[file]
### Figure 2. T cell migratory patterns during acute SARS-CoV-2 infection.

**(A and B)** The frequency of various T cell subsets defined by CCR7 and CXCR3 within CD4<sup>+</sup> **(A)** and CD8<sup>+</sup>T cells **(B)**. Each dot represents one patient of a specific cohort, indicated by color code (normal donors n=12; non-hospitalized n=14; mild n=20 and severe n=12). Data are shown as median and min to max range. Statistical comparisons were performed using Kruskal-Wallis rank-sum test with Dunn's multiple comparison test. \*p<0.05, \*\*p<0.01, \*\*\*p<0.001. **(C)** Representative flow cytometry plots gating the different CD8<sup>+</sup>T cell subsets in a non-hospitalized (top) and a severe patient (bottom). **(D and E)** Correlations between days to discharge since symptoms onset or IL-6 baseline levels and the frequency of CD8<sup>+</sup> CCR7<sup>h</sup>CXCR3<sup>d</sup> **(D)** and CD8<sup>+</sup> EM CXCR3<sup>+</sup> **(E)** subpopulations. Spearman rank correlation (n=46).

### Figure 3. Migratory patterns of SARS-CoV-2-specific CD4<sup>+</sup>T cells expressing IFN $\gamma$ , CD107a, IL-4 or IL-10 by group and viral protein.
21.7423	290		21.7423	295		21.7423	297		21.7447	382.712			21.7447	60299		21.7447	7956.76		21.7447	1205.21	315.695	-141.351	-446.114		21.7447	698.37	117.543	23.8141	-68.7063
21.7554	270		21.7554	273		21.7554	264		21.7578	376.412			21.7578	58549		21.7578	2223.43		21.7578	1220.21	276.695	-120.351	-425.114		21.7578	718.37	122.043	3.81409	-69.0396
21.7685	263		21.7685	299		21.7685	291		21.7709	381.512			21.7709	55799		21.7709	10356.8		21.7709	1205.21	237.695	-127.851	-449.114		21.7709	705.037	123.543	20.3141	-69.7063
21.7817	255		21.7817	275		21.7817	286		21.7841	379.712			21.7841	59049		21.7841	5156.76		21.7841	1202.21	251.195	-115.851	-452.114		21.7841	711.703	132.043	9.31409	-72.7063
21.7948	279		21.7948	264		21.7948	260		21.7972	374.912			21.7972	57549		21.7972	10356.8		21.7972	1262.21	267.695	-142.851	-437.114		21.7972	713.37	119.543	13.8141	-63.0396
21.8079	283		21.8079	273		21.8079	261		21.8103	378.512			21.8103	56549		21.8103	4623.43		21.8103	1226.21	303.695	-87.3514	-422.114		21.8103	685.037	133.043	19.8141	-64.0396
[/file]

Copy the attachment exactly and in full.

### Figure 2. T cell migratory patterns during acute SARS-CoV-2 infection.

**(A and B)** The frequency of various T cell subsets defined by CCR7 and CXCR3 within CD4<sup>+</sup> **(A)** and CD8<sup>+</sup>T cells **(B)**. Each dot represents one patient of a specific cohort, indicated by color code (normal donors n=12; non-hospitalized n=14; mild n=20 and severe n=12). Data are shown as median and min to max range. Statistical comparisons were performed using Kruskal-Wallis rank-sum test with Dunn's multiple comparison test. \*p<0.05, \*\*p<0.01, \*\*\*p<0.001. **(C)** Representative flow cytometry plots gating the different CD8<sup>+</sup>T cell subsets in a non-hospitalized (top) and a severe patient (bottom). **(D and E)** Correlations between days to discharge since symptoms onset or IL-6 baseline levels and the frequency of CD8<sup>+</sup> CCR7<sup>h</sup>CXCR3<sup>d</sup> **(D)** and CD8<sup>+</sup> EM CXCR3<sup>+</sup> **(E)** subpopulations. Spearman rank correlation (n=46).

### Figure 3. Migratory patterns of SARS-CoV-2-specific CD4<sup>+</sup>T cells expressing IFN $\gamma$ , CD107a, IL-4 or IL-10 by group and viral protein.
21.7423	290		21.7423	295		21.7423	297		21.7447	382.712			21.7447	60299		21.7447	7956.76		21.7447	1205.21	315.695	-141.351	-446.114		21.7447	698.37	117.543	23.8141	-68.7063
21.7554	270		21.7554	273		21.7554	264		21.7578	376.412			21.7578	58549		21.7578	2223.43		21.7578	1220.21	276.695	-120.351	-425.114		21.7578	718.37	122.043	3.81409	-69.0396
21.7685	263		21.7685	299		21.7685	291		21.7709	381.512			21.7709	55799		21.7709	10356.8		21.7709	1205.21	237.695	-127.851	-449.114		21.7709	705.037	123.543	20.3141	-69.7063
21.7817	255		21.7817	275		21.7817	286		21.7841	379.712			21.7841	59049		21.7841	5156.76		21.7841	1202.21	251.195	-115.851	-452.114		21.7841	711.703	132.043	9.31409	-72.7063
21.7948	279		21.7948	264		21.7948	260		21.7972	374.912			21.7972	57549		21.7972	10356.8		21.7972	1262.21	267.695	-142.851	-437.114		21.7972	713.37	119.543	13.8141	-63.0396
21.8079	283		21.8079	273		21.8079	261		21.8103	378.512			21.8103	56549		21.8103	4623.43		21.8103	1226.21	303.695	-87.3514	-422.114		21.8103	685.037	133.043	19.8141	-64.0396